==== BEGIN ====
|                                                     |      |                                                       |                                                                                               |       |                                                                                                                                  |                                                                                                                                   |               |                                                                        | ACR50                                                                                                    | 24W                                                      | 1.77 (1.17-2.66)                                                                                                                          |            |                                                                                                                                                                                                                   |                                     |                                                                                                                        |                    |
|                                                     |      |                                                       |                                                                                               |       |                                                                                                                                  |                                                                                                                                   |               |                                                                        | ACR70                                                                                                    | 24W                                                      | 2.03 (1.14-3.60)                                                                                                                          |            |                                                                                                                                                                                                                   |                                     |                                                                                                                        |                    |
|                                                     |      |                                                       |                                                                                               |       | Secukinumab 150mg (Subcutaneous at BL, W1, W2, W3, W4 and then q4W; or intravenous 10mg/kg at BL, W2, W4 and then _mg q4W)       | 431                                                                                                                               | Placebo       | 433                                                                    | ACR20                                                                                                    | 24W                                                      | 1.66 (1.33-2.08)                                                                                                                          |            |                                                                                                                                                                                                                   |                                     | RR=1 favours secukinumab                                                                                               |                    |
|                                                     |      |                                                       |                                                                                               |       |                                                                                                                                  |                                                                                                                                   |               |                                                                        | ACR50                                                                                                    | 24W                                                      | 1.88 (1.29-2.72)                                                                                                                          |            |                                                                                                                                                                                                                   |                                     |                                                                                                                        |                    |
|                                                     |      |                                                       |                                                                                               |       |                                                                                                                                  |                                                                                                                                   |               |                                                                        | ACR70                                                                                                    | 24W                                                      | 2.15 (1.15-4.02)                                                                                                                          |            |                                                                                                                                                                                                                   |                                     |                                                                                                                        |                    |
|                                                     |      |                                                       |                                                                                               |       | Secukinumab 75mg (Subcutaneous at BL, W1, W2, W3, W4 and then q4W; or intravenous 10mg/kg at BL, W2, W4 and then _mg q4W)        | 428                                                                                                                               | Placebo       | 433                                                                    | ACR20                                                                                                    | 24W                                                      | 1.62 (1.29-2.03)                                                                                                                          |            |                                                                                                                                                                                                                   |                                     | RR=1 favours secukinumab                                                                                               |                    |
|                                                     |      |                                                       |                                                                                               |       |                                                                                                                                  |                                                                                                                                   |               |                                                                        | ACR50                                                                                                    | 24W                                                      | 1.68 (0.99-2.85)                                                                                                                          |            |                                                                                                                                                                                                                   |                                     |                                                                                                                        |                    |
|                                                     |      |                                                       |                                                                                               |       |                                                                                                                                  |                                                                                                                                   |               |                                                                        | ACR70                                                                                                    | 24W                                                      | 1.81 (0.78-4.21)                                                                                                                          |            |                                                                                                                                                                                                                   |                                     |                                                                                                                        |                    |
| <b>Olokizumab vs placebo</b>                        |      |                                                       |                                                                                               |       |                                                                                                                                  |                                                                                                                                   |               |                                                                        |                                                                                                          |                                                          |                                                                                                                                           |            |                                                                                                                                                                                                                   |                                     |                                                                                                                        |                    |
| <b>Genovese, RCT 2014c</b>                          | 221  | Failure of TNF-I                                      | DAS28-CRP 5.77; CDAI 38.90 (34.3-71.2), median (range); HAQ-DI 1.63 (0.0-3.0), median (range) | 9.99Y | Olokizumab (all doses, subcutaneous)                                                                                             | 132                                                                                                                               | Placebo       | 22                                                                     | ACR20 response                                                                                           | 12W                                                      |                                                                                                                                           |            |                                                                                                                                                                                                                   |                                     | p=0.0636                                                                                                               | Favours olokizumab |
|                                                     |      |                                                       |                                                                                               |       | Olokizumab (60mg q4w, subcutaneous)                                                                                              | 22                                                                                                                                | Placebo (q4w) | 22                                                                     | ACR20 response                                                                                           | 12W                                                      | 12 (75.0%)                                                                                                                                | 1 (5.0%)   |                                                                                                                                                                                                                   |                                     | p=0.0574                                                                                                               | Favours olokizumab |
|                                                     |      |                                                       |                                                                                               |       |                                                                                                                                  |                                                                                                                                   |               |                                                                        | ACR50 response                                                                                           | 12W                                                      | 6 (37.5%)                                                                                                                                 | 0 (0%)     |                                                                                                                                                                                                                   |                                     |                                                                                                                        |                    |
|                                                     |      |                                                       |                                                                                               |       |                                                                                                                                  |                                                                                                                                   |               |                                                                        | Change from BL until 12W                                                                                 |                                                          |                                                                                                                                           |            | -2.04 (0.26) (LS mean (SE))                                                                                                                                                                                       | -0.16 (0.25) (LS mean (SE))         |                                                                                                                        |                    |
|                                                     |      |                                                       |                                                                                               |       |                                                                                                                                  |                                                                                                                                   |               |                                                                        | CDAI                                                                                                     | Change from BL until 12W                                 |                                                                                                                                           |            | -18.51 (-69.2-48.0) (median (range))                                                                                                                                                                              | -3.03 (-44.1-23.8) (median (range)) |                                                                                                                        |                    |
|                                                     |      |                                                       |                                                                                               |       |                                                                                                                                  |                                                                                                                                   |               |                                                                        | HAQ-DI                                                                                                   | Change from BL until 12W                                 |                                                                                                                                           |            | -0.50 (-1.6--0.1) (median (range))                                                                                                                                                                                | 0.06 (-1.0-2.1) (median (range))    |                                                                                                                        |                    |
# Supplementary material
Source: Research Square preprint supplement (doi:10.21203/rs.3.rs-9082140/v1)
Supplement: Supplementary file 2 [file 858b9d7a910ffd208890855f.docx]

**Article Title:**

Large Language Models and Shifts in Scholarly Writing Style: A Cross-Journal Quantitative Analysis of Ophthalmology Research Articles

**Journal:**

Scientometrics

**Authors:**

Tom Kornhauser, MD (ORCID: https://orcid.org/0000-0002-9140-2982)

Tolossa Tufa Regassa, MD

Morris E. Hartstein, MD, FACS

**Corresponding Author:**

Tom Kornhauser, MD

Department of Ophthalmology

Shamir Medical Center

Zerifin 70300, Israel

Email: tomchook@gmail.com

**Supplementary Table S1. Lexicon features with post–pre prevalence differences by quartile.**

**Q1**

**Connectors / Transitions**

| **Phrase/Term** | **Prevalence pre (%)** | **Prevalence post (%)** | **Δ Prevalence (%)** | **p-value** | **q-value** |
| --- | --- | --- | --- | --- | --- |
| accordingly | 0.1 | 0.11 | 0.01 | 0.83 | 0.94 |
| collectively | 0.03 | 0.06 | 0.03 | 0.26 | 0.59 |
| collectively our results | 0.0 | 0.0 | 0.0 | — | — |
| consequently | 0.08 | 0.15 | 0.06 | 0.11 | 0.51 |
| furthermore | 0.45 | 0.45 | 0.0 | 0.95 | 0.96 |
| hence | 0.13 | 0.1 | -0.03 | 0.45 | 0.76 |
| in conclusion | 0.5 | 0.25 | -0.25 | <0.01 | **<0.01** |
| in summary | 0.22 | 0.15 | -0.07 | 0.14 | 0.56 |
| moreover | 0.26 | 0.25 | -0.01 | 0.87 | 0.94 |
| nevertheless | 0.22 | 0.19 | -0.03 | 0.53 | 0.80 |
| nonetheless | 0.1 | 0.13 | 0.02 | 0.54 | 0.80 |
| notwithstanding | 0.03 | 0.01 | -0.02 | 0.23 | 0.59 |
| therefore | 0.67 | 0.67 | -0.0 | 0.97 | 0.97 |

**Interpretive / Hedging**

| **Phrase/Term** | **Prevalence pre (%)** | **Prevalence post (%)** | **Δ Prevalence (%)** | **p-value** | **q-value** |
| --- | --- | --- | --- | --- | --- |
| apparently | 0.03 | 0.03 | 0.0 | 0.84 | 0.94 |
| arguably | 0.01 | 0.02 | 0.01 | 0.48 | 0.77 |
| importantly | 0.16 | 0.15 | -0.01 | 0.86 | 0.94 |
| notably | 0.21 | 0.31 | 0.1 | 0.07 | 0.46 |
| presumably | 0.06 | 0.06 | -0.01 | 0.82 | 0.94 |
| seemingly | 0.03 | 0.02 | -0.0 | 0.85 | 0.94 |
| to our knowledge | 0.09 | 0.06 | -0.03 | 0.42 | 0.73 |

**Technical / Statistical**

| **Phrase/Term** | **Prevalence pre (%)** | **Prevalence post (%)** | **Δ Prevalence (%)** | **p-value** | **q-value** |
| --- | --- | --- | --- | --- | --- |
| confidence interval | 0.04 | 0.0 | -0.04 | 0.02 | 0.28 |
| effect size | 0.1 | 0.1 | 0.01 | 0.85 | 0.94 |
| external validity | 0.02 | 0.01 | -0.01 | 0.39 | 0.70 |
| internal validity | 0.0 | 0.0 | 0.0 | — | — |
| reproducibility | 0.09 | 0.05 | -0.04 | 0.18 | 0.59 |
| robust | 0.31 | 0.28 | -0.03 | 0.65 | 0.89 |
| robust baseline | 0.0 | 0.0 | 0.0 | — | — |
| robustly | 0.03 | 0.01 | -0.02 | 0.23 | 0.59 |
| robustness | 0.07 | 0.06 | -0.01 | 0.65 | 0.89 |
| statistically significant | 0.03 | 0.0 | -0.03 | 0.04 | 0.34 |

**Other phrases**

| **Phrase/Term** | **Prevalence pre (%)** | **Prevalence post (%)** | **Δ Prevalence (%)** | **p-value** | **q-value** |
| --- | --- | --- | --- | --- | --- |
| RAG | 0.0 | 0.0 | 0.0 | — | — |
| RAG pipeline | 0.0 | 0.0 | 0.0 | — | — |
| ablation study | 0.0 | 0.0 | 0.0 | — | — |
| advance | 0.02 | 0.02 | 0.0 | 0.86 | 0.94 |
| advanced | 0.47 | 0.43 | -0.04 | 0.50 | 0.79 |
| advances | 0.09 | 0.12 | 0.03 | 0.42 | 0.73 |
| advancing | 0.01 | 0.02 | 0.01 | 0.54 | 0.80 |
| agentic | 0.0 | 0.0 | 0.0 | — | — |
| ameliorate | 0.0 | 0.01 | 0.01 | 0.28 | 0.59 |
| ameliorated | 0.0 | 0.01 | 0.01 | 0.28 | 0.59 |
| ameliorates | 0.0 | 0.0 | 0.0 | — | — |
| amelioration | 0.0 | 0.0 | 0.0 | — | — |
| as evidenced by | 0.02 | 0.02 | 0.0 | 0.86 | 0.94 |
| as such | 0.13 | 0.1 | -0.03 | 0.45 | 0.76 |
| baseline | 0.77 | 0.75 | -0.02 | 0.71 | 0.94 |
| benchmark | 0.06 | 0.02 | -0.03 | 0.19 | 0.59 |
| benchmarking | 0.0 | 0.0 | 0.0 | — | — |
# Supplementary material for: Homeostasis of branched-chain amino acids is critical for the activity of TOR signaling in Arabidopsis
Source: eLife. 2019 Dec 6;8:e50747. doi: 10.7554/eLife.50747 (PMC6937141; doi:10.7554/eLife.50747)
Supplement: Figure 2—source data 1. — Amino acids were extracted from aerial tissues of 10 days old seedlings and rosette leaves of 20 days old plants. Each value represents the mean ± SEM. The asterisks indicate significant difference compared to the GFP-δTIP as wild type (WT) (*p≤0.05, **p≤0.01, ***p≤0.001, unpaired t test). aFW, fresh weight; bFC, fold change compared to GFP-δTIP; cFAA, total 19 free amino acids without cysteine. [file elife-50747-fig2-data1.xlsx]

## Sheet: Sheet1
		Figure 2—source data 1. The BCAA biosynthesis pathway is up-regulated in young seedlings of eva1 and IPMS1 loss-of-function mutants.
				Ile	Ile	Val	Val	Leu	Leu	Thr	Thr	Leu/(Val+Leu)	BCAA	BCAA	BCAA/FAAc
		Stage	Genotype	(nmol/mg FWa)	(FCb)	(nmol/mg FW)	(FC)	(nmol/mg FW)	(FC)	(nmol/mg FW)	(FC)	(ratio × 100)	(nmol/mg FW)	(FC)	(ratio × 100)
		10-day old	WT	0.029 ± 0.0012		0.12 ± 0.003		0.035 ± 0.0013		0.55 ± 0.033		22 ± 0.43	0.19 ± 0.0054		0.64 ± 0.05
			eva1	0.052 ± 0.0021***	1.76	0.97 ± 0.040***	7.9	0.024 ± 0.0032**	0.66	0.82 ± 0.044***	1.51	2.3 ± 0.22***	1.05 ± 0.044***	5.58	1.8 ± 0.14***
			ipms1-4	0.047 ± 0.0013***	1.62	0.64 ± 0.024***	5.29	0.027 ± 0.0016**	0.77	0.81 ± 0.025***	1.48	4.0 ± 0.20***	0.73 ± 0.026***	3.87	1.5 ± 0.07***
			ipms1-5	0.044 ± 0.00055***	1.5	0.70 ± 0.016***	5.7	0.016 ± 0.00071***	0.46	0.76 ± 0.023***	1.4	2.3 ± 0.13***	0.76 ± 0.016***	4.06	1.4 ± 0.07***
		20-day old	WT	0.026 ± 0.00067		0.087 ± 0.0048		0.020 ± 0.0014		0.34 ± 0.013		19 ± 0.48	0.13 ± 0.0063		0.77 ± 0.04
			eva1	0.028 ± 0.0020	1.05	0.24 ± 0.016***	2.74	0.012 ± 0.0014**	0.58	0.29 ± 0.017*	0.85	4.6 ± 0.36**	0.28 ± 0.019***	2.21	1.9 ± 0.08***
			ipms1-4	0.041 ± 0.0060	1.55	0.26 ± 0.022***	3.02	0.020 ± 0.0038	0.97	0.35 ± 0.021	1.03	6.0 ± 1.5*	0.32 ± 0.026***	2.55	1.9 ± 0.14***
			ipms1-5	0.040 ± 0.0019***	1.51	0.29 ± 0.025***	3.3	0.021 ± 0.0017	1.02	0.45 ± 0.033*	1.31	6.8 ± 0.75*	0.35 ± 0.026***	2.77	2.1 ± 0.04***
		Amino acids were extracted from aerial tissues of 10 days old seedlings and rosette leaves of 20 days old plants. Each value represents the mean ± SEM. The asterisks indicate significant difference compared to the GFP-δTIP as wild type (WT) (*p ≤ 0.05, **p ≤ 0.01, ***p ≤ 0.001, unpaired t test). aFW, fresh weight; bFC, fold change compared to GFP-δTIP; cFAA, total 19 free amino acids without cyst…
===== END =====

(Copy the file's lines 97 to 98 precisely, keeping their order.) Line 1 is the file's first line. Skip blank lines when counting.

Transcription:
## Sheet: Sheet1
		Figure 2—source data 1. The BCAA biosynthesis pathway is up-regulated in young seedlings of eva1 and IPMS1 loss-of-function mutants.